“Low-carb and high fat” might be an odd mix of words at first glance. After all, we’ve been conditioned to think that all kinds of fat should be avoided like the plague. Enter keto, a diet that champions fat as the answer to weight loss. We spoke to Dr. Ted Achacoso of BioBalance, a nutritional medicine expert, to share his knowledge, experience, and to answer all your questions on the biggest diet trend of the year, from the history of keto up to the food items you can eat.
What is keto?
Keto, short for ketogenic, is a diet that promotes the intake of 'good' fat and low carbohydrates. This, in turn, forces your body into a state of ketosis which makes the fat burning process faster. Ketosis is a state that our body enters on a daily basis. The process occurs when glucose availability is low, and instead, it chooses to burn stored fat. A low-carb, high-fat diet ramps up the ketosis process and produces ketones, from which the diet owes its benefits.
The ketone bodies create energy by transporting energy from the liver on to the rest of the body. There are three types of ketones that do this: acetoacetate (AcAc), beta-hydroxybutyric acid (BHB), and acetone. The first ketone, acetoacetate is formed from the breakdown of fat, and from there beta-hydroxybutyrate is produced. The third ketone, acetone is a side product that gives "ketosis breath," a fruity smell similar to nail polish. Ketones are also produced when fasting, during starvation, or through high-intensity exercise.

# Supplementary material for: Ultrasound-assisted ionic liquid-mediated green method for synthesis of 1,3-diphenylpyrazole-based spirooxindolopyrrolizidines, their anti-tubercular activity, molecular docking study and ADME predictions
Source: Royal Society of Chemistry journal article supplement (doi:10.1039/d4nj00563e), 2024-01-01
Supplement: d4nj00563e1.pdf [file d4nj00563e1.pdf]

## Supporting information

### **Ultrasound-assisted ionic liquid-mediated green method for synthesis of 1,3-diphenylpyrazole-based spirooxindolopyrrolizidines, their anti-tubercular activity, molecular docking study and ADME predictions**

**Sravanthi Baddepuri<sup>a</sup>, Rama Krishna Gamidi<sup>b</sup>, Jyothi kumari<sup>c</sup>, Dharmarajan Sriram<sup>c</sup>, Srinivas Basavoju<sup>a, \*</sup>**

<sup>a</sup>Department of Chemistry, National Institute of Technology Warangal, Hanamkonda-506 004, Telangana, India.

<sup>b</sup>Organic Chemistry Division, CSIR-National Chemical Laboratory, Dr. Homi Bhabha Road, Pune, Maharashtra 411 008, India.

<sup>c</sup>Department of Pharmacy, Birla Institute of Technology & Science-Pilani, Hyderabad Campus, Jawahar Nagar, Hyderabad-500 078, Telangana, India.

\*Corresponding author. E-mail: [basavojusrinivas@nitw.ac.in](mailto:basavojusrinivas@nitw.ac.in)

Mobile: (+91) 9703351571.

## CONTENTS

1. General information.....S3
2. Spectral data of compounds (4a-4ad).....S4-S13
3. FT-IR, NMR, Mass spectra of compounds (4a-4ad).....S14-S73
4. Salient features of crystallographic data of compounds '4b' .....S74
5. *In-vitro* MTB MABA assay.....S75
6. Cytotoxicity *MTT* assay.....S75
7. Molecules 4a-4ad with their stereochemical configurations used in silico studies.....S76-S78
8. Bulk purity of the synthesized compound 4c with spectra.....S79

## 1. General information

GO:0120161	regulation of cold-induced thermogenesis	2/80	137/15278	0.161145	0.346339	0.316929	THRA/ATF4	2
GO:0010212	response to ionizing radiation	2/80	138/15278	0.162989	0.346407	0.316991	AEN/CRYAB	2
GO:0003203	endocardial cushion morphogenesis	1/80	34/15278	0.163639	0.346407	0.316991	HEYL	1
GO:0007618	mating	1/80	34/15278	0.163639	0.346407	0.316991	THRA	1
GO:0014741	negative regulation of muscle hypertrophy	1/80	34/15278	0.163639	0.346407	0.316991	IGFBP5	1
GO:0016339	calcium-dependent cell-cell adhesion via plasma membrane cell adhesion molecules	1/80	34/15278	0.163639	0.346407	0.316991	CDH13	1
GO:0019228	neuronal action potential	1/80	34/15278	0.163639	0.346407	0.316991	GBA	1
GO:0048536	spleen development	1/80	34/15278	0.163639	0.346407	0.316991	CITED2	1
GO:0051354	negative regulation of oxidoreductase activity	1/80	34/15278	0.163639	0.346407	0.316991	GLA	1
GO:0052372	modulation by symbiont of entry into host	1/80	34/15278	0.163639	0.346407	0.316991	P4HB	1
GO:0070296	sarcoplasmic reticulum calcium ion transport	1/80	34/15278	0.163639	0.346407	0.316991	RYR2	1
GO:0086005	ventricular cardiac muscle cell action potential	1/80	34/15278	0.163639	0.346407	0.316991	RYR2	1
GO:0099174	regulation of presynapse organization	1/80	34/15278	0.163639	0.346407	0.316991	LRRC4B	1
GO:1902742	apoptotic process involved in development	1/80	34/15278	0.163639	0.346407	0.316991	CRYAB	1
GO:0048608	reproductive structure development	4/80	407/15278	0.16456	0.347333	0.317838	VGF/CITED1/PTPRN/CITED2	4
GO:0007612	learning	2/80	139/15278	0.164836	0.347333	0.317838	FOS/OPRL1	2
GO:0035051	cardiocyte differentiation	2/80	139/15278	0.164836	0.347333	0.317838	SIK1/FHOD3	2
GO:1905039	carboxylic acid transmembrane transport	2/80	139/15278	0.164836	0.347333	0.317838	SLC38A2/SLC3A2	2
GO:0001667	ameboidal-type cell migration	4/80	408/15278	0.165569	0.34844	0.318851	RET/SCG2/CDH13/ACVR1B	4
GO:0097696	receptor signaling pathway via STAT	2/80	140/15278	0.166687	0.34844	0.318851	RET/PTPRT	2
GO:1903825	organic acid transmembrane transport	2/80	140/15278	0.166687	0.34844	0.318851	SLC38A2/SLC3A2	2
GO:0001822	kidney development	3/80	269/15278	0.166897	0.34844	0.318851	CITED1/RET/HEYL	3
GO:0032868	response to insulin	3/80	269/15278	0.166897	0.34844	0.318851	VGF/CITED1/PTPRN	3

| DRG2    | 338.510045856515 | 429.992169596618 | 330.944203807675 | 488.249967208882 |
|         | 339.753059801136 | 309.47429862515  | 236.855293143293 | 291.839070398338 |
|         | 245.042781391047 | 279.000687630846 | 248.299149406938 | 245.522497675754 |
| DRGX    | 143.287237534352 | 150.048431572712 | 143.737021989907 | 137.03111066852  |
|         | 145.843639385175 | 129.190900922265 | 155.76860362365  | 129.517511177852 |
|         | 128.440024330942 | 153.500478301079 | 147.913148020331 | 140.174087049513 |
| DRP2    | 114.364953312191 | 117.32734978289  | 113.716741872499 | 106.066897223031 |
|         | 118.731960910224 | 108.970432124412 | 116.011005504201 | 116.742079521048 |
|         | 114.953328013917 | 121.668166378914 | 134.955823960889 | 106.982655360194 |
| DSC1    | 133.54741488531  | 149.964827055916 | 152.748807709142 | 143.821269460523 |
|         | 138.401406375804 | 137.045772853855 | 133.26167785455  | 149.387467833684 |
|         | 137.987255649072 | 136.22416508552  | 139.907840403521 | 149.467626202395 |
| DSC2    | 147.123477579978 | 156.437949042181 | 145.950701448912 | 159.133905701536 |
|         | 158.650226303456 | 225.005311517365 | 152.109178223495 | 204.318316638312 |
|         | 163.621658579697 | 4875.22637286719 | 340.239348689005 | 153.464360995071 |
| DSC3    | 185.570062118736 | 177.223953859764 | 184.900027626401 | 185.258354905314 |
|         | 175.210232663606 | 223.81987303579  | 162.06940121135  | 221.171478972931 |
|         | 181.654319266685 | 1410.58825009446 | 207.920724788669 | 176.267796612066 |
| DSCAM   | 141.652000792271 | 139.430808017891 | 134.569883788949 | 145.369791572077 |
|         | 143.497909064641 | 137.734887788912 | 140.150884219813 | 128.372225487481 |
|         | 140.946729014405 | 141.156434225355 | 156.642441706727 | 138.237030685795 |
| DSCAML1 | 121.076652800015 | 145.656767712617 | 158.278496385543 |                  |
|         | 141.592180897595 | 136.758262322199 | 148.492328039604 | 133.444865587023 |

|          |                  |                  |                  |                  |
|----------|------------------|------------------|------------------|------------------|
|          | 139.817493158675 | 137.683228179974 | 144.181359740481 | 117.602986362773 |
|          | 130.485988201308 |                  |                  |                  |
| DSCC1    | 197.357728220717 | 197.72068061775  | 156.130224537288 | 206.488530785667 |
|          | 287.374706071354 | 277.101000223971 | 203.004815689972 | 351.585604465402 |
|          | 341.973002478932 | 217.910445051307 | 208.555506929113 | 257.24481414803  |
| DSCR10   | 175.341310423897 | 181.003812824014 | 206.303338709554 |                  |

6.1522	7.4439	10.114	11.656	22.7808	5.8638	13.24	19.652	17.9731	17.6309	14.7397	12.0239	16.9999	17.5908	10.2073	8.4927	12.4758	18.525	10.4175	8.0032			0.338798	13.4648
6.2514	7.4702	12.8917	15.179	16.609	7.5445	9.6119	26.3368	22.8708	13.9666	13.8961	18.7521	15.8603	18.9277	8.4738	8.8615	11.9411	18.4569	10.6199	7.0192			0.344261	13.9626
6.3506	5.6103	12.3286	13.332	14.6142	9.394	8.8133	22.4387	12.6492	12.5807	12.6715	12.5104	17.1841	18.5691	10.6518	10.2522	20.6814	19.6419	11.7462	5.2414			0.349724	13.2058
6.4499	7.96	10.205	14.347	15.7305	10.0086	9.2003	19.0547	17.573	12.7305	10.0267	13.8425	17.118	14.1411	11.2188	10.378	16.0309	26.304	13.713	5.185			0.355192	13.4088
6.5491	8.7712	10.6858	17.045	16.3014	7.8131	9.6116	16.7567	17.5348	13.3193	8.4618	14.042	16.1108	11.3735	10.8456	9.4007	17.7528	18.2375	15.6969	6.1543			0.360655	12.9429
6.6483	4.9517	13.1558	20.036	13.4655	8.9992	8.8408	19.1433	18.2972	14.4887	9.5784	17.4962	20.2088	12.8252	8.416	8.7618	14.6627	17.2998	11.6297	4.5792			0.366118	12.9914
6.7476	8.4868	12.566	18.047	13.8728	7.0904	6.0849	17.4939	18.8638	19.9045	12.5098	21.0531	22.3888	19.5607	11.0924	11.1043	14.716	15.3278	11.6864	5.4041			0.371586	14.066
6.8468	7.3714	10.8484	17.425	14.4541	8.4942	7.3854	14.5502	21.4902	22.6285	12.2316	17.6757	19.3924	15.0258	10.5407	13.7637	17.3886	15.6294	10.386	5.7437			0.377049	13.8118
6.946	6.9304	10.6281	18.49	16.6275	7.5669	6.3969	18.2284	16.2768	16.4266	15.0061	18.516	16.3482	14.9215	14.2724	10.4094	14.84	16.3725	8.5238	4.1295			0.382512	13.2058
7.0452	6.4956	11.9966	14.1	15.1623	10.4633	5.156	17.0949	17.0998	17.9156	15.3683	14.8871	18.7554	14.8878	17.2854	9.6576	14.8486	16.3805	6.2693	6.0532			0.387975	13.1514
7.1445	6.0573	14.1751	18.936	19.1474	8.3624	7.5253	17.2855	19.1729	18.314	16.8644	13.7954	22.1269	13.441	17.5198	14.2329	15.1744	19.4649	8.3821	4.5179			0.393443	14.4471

Aside from weight loss, ketosis gives dieters higher levels of energy and increased muscle tone. The diet was originally created in the 1920s to help epileptics control their seizures by creating a less inflamed stomach.
Dr. Achacoso shares, "[The diet's] popularity waned with the development of anticonvulsant drugs. With its resurgence in the mid-1990s, the diet is now being studied for conditions like cancers, Parkinson’s, Alzheimer’s, and chronic metabolic diseases like diabetes. Weight loss is just a beneficial side-effect of the therapy."
He adds, "The body has two main sources of fuel for energy, one is glucose derived from carbohydrates and from some building blocks of proteins called 'glucogenic amino acids.' The other is ketones derived from fats (not to be mistaken for raspberry ketones).
All organs in the body, except the liver (which produces the ketones from fatty acids), can use ketones as fuel. By forcing the body to go on a very high-fat diet–for example, 75 percent healthy fats, 20 percent protein, and 5 percent carbohydrates–the body is forced to burn fat for fuel. Note that the calories are not unrestricted. This will create a state called 'nutritional ketosis.' The ketone level is easily and accurately measurable like the blood drop test for blood sugar of diabetics. Nutritional ketosis is very different and should not be confused with the diabetic complication called 'ketoacidosis.'"
To eat or not to eat